• 1 audio director
• 3 sound designers (plus one to cover Minto’s sound design work during paternity leave) – roughly split to cover core systems, technical and the missions, but with plenty of overlap and sharing of tasks
• 2 voice-over designers – one full-time, others brought in during the busy recording, editing and implementation phases
• 1 audio programmer – team-based (in addition to Frostbite engine support)
• 1 audio analyst
• Dolby Labs: Spencer Hooks and team, Atmos support
• Formosa Interactive and SIDE UK: dialogue recording
• Skywalker Sound: Foley sessions, additional source material and guidance
• Source Sound: Charles Deenen and team – trailers and in-game cutscenes
Ben Minto’s Go-To-Gear
Despite time and lack of recall disadvantages, where possible Minto went fully analogue trying to stay as true to the original creation process as possible. However, where batch processing of a large number of files would be needed, he would start analogue to get the right sound and then substitute those paths out for plug-in chains.
• Eurorack modular synth and other vintage synths including EMS VCS 3’s. “On the modular I replicated most of the ARP2600 patches (where I could find notes and pictures to start from) previously used to create synth tones (originally named Electronic Tonalities, as a nod to Louis and Bebe Barron’s work on Forbidden Planet, in the library we were supplied), and could build upon these patches to add more complexity, variations and new layers. The most useful modules were Ring Modulators (which could be swapped out for Frequency Shifters to add a similar yet different quality), and Self Resonating Filters (how Ben Burtt generated sine waves on the ARP 2600, which had no sine output from its oscillators).”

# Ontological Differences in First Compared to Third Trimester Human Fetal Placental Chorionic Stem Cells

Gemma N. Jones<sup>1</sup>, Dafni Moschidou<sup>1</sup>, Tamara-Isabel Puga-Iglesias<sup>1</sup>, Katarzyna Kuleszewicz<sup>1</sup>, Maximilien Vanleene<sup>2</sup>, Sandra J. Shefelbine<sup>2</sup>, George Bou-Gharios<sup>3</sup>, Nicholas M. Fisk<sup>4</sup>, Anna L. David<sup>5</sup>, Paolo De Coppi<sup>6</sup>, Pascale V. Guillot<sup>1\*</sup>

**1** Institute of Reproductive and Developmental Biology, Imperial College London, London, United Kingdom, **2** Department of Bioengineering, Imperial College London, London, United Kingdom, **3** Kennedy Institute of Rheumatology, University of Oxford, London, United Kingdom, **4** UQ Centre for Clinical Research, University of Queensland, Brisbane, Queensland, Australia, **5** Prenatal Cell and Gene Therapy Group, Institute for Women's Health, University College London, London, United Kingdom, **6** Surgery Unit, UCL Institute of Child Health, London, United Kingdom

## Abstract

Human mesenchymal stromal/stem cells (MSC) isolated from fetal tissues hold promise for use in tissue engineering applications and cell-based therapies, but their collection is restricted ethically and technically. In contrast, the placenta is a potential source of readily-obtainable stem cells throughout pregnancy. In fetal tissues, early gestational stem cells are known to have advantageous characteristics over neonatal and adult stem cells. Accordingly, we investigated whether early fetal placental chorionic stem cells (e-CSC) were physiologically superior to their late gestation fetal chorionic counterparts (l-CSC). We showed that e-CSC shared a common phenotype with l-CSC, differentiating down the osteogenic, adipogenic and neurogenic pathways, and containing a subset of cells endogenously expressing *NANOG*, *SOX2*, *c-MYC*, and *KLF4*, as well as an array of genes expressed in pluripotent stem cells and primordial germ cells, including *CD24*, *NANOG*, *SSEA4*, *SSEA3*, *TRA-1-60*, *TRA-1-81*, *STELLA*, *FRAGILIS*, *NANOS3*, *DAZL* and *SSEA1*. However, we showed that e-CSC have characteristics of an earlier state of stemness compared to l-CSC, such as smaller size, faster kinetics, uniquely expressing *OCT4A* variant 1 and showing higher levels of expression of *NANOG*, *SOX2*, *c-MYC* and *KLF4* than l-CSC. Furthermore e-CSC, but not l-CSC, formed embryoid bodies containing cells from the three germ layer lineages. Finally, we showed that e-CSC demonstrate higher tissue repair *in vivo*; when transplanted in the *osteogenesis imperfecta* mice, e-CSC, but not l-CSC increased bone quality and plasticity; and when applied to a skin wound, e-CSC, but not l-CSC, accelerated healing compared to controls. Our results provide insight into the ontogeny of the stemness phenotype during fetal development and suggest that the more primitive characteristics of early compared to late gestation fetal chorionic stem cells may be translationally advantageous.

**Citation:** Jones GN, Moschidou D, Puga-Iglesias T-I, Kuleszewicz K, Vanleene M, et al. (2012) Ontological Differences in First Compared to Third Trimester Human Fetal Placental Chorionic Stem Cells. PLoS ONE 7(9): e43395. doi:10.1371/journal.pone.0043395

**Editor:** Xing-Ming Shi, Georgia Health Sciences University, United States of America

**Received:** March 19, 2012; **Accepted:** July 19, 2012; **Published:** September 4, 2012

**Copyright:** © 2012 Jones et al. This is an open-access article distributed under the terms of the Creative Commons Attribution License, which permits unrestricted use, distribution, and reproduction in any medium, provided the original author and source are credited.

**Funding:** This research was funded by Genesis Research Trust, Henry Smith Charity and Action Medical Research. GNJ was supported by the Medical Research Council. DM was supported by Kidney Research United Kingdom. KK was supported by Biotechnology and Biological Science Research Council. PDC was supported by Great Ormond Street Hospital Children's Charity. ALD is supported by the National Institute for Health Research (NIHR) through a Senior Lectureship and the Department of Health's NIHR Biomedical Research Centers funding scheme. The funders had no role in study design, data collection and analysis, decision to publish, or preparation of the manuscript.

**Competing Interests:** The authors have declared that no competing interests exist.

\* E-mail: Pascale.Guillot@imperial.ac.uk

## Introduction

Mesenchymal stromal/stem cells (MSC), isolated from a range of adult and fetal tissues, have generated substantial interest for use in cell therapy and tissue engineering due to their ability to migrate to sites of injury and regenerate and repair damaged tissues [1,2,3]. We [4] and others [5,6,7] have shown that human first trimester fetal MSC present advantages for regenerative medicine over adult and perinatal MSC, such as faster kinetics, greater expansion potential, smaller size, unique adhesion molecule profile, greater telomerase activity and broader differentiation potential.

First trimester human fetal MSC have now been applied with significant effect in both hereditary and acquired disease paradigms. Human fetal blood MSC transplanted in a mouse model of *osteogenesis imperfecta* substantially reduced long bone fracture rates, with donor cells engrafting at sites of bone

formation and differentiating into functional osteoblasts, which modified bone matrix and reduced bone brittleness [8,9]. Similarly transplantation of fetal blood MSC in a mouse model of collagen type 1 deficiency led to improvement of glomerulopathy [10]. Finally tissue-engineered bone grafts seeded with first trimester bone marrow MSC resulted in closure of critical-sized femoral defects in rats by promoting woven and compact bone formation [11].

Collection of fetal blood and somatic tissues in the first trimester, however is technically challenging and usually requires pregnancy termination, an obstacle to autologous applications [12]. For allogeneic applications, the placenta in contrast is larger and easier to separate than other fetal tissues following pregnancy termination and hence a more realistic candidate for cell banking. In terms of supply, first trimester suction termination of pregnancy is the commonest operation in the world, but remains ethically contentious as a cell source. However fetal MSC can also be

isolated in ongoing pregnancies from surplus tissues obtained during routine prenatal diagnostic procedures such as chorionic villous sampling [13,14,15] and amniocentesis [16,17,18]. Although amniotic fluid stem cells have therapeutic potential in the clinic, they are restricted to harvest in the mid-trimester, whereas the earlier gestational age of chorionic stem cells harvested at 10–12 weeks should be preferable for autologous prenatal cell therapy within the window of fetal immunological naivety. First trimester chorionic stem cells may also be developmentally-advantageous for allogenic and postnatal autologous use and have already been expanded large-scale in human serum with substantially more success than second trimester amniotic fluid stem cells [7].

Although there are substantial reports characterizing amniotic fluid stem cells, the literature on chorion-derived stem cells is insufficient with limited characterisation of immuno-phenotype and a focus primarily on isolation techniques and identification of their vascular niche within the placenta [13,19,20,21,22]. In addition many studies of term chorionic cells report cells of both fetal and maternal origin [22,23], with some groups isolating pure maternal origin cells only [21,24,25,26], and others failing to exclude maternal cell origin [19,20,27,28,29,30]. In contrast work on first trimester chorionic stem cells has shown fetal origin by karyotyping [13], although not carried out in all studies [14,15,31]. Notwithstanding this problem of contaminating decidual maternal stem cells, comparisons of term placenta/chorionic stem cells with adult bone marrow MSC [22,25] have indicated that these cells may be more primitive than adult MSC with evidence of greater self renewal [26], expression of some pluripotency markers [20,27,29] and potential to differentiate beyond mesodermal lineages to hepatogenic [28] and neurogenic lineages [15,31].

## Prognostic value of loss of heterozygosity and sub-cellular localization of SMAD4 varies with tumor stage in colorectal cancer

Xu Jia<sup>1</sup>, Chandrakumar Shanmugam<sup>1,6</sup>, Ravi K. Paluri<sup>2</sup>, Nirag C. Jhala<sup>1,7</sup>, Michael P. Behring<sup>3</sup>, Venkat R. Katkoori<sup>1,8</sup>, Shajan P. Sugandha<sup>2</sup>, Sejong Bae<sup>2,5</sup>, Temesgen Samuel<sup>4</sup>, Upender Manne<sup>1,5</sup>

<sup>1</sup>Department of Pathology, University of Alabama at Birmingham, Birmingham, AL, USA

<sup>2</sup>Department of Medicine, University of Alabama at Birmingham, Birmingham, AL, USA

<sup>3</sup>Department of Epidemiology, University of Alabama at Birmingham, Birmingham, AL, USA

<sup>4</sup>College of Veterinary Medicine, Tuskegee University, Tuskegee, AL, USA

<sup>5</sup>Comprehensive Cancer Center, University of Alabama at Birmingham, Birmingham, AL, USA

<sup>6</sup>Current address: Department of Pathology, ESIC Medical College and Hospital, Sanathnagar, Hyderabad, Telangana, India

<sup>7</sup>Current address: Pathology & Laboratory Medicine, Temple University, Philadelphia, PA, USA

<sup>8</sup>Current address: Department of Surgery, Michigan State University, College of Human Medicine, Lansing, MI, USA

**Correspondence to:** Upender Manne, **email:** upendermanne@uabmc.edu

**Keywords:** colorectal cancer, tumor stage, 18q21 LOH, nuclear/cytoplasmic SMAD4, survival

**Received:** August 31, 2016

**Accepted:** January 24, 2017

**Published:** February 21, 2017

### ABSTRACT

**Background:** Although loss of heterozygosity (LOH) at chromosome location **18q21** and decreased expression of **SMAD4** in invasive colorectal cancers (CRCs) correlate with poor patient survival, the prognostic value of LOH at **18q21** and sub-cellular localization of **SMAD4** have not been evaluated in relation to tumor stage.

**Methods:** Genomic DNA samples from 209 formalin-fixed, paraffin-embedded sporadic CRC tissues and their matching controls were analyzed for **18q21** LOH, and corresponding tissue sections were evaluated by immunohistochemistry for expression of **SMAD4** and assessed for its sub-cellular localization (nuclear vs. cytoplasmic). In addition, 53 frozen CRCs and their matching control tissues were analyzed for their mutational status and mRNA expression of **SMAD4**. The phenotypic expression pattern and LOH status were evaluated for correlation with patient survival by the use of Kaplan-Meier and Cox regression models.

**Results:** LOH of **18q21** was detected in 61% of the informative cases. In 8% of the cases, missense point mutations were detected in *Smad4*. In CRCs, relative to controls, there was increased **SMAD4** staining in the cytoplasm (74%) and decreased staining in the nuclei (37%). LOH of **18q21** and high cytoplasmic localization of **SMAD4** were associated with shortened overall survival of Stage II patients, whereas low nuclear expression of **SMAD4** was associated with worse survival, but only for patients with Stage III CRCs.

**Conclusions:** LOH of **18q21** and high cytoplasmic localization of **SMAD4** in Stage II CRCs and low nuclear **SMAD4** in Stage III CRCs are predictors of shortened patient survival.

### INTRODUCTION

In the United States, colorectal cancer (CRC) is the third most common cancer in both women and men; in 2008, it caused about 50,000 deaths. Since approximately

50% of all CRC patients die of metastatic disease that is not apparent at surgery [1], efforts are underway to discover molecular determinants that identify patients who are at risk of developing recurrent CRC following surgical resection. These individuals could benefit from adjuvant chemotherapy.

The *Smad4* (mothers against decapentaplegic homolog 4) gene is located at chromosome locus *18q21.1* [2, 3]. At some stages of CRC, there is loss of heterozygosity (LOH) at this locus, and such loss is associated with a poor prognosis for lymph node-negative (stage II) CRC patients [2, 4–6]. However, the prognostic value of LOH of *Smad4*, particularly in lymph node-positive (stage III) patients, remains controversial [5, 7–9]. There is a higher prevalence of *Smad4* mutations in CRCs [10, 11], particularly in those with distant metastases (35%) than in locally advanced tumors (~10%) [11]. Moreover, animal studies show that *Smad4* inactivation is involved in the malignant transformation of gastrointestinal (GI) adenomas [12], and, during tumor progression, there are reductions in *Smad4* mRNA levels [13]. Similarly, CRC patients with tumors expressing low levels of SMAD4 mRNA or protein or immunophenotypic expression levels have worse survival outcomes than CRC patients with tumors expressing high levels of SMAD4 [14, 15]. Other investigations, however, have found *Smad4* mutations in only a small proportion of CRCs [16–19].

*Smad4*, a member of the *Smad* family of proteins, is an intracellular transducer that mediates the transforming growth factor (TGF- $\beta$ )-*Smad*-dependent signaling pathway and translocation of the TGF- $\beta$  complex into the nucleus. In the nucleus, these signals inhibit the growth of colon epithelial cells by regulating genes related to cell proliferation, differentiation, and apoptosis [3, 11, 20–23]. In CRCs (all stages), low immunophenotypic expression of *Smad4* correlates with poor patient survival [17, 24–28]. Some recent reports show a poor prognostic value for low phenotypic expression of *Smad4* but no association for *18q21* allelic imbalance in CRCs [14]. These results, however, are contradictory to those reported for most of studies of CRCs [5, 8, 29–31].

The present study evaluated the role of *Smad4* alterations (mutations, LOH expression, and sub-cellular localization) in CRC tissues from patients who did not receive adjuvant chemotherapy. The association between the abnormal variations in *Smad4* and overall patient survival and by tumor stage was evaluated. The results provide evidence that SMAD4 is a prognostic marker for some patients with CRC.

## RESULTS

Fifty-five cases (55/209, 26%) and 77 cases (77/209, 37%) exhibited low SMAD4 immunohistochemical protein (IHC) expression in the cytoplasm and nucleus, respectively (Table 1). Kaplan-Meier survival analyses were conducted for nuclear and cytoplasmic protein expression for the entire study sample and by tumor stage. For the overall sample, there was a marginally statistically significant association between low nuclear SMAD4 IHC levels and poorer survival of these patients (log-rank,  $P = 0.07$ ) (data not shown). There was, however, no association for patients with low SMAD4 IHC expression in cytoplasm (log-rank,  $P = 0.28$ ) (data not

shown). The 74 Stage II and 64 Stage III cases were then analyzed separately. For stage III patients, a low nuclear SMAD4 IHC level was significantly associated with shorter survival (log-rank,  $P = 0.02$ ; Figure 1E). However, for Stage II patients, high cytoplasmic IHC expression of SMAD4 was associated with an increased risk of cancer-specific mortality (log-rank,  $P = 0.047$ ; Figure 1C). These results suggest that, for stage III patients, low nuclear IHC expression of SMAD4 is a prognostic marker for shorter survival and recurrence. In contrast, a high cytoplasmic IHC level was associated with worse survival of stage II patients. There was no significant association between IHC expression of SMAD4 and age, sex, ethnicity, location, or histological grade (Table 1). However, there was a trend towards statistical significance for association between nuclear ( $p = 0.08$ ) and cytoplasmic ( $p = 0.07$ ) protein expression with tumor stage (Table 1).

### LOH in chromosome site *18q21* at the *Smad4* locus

• Spring Reverbs, Bridge Bucket Delays and various Vacuum Tube modules.
• Slinky springs, long cardboard and plastic tubes, powerballs, wobbly metal sheets, VLF detectors made from wire and hula hoops, a bat detector, RF coils and Minto’s own son (pre- and post-birth) all played their own part too.
• iZotope’s RX paired with Waves WNS - essential in splitting original multi-tracked composites into their individual clean layers.
• Zynaptiq’s Unveil and Unfilter – For removing just the right amount of ‘70s haze to bring a recording’s fidelity up-to-date while retaining original character and analogue feel.
• Prosoniq’s Morph – “One of the most interesting and inspiring plug-ins I’ve ever worked with.”
• Waves HEQ & Reel ADT, FabFilter Bundle